Microbiology:

 
Just like biochemistry is all about enzymes, microbiology is all about classification. Students often attempt to learn individual bugs and related pathologies but when asked can’t describe to me how those bugs are classified or which other bugs they are related to. 

The USMLE will often lean on your knowledge of classification and ask about bugs you might not find in First Aid. It’s therefore key that every student start with learning their micro classification charts first. First Aid has good charts for Gram (+) cocci and Gram (-) rods; treat them like metabolic pathways and DRAW THEM OUT. That’s right, draw those charts until you can’t get them wrong. You’ll be happily surprised at how quickly micro falls into place once you have your classification scheme down.

Another key micro topic that the USMLE loves is exotoxins. First Aid has a wonderful chart regarding exotoxins; I’d know it cold. Know the mechanisms, the related signaling, and even other bugs that secrete toxins with similar effects (e.g. ETEC heat labile toxin and V. cholera both increase adenylate cyclase activity).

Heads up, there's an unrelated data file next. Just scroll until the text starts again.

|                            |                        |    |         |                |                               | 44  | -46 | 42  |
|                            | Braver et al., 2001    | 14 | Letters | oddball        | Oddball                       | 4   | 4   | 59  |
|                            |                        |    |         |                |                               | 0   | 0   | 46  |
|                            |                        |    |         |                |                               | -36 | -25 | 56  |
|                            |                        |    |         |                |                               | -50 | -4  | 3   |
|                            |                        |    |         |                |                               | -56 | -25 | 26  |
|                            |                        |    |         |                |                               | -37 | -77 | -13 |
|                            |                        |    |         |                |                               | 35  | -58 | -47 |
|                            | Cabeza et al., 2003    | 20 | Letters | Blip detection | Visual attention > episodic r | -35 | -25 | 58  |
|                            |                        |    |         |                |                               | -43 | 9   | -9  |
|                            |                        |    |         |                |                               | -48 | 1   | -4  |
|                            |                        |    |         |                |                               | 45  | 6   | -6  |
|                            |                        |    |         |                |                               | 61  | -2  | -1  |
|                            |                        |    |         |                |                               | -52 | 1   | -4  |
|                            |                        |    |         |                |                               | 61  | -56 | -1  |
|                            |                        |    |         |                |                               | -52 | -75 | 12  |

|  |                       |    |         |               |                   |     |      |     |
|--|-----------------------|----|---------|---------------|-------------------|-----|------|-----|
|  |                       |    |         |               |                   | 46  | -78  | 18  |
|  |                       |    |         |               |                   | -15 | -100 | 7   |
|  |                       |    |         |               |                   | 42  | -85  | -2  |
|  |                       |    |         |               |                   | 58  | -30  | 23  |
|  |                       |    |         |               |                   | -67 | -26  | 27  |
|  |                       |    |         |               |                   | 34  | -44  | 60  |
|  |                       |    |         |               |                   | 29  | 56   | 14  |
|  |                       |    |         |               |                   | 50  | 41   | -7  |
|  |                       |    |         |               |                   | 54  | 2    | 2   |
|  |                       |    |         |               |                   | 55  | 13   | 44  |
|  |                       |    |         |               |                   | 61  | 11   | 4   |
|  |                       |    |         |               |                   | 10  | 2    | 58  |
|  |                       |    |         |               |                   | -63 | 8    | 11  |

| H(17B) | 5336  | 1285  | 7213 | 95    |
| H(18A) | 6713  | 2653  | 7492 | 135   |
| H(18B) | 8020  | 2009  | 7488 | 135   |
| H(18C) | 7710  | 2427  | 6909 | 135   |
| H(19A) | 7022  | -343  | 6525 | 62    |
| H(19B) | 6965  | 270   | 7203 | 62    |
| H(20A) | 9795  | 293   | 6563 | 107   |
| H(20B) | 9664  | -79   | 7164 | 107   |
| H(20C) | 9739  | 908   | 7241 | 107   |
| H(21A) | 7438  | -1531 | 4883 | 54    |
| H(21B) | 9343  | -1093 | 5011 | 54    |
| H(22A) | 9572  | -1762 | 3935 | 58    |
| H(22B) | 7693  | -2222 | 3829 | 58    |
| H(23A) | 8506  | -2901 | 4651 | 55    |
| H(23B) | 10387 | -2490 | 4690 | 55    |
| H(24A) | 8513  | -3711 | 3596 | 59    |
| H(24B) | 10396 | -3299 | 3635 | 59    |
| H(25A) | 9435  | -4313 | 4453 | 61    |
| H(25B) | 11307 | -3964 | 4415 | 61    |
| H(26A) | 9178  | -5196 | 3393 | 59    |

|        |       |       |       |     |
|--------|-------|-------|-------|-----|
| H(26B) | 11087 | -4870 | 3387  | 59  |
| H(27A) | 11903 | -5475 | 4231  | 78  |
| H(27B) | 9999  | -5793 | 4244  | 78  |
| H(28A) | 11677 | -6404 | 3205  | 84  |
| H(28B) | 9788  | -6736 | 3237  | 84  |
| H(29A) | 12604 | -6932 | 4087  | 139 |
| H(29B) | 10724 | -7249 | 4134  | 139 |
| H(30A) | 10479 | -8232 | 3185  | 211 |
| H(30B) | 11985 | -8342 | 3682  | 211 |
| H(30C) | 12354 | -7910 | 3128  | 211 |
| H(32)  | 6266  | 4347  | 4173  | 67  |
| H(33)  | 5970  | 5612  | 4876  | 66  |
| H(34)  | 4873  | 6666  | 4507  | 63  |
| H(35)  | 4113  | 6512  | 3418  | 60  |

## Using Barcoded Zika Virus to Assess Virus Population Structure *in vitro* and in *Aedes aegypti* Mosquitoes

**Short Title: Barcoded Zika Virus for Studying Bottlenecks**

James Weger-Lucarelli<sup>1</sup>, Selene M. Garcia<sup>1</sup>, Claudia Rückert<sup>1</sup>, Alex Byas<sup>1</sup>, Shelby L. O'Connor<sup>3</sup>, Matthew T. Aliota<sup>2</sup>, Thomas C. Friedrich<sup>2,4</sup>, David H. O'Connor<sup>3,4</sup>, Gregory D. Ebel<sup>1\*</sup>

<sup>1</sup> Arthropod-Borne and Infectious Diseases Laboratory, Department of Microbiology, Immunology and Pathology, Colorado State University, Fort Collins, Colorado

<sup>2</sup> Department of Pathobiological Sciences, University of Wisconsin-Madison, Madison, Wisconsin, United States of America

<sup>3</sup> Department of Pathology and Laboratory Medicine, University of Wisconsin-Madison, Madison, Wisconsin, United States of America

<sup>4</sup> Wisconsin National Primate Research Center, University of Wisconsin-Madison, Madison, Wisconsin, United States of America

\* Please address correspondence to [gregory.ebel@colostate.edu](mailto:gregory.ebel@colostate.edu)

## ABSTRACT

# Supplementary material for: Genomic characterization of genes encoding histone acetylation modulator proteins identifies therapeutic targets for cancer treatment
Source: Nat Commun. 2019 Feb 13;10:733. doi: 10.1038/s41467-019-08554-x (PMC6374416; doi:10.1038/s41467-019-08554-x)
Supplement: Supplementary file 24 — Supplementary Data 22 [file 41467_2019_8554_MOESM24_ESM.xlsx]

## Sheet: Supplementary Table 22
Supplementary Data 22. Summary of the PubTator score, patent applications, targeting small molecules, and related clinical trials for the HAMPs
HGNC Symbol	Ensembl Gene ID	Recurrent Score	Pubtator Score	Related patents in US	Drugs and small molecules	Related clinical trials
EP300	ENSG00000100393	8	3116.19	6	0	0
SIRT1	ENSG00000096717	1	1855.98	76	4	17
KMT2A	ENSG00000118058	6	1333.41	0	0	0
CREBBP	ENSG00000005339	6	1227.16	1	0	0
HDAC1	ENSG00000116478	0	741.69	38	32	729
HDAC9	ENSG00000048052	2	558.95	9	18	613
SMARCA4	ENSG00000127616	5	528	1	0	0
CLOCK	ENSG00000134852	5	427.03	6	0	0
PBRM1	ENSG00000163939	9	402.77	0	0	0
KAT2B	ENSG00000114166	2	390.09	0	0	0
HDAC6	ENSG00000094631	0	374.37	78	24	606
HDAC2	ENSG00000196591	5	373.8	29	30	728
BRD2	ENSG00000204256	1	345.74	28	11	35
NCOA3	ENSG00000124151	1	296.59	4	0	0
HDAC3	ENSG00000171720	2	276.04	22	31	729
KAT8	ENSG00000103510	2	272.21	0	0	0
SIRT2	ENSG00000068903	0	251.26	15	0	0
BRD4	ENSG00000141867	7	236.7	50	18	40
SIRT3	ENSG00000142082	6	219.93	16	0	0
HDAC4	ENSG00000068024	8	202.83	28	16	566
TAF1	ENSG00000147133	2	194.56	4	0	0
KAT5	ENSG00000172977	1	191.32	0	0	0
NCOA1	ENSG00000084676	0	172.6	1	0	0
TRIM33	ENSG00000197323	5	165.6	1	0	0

Lastly, nothing about pharm, biochem, and micro can be learned without repetition.

 
It is impossible and unrealistic to expect yourself to remember such a vast swath of information the first, second, or even third time around. Keep doing UWorld questions, keep drawing out those pathways, and keep pushing forward. 

Don't start adding on different resources either; UWorld and First Aid should be plenty. Students with dedicated textbooks tend to be inefficient and study low yield facts. Doing thousands of questions with consolidation in First Aid is enough! 

Keep these tips in mind and you’ll be on your way to crushing the BIG 3!
24 hours could earn you 30 more points
Eli Freiman

Eli Freiman

Eli is finishing up his last year of medical school at the University of Massachusetts Medical School and is pursuing a career in Pediatrics with an interest in Oncology. He has a record of excellence in medical school with high test scores and honors in all of this clerkships. In addition to working with MST, Eli has a strong interest in advocacy and organized medicine, serving as a student leader in the AMA and AAP. Eli is excited to be a member of the elite Med School Tutors team and looks forward to helping students everywhere achieve their academic goals.